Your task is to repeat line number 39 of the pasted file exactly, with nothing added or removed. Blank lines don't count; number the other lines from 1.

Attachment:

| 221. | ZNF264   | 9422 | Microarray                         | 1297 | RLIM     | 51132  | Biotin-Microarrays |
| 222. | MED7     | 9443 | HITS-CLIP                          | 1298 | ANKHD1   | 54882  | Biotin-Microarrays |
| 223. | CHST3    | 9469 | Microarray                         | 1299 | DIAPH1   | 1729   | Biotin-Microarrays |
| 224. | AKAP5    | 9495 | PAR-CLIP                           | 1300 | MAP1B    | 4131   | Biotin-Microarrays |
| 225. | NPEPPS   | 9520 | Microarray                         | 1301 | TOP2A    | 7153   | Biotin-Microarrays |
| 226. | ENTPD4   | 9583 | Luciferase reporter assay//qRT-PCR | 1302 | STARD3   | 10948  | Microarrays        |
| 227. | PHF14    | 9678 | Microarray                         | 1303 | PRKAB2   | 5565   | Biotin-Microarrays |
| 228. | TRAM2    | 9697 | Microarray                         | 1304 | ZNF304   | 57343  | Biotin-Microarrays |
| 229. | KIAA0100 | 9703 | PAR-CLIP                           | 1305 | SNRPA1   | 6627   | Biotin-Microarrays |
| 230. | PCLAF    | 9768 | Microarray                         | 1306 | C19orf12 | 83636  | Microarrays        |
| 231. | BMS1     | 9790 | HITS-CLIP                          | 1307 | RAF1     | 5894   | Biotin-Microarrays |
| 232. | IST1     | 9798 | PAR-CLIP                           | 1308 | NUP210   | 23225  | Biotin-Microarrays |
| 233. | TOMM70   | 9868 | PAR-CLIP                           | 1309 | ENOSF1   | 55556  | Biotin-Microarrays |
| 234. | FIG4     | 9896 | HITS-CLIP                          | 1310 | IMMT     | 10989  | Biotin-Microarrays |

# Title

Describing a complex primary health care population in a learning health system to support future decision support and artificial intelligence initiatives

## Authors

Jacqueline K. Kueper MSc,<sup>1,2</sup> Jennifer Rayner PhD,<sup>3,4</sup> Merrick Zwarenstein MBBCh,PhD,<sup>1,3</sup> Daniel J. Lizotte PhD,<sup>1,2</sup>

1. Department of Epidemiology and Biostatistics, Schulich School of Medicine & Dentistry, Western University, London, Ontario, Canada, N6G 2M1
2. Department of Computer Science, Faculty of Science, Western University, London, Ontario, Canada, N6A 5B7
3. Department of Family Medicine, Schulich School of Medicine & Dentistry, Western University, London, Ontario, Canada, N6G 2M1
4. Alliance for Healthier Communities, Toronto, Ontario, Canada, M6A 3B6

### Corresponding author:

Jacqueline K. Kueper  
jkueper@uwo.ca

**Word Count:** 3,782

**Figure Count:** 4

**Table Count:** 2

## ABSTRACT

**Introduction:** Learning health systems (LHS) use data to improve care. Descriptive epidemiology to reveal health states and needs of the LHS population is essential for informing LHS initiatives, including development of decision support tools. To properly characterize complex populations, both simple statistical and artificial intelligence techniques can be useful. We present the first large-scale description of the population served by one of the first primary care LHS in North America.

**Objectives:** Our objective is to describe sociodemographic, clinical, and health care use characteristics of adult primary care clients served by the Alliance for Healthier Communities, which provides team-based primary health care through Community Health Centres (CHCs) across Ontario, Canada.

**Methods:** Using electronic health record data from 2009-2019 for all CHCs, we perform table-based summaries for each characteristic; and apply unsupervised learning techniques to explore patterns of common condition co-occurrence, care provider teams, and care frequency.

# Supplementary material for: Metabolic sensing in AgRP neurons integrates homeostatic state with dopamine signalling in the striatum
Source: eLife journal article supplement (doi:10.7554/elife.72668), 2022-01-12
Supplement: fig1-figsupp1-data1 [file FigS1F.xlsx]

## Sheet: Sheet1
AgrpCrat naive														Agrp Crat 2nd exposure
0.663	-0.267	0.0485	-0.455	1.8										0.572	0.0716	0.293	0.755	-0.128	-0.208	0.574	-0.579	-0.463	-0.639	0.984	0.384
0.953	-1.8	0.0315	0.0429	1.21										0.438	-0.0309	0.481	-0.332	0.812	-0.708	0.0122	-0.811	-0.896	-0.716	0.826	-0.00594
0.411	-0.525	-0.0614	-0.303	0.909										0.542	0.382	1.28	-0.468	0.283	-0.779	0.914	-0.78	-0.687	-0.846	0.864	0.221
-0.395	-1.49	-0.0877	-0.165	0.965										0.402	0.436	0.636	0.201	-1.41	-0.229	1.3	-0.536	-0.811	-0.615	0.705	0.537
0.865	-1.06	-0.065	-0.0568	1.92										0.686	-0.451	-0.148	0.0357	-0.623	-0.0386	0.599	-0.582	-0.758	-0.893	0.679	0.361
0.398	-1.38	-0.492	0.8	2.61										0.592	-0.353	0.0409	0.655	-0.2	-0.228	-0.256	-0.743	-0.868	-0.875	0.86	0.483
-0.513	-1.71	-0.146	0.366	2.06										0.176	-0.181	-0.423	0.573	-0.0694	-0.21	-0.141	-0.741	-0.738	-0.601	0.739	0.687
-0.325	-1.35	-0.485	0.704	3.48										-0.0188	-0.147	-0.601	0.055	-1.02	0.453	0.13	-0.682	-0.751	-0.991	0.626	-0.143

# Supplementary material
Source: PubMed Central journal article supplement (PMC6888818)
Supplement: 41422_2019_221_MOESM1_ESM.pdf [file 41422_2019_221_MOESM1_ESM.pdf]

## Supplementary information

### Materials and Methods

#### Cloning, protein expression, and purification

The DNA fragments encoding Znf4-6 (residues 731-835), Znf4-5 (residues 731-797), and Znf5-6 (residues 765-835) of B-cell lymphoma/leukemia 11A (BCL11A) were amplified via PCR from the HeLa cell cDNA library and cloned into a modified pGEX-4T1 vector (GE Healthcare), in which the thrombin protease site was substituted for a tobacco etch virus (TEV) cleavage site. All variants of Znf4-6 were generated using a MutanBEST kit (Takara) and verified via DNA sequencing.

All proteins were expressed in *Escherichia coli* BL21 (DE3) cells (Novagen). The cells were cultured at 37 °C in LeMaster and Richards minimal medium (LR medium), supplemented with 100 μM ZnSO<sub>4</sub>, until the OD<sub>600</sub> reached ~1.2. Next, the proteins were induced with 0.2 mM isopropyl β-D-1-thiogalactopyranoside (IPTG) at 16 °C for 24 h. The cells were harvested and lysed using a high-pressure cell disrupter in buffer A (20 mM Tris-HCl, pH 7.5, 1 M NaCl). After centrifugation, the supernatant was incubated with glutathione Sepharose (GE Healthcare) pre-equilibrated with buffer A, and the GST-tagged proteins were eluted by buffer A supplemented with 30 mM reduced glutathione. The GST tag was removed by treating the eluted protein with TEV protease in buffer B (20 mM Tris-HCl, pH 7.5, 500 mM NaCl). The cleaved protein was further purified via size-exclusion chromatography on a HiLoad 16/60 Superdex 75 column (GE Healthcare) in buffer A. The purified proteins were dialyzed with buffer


0.953	-1.8	0.0315	0.0429	1.21										0.438	-0.0309	0.481	-0.332	0.812	-0.708	0.0122	-0.811	-0.896	-0.716	0.826	-0.00594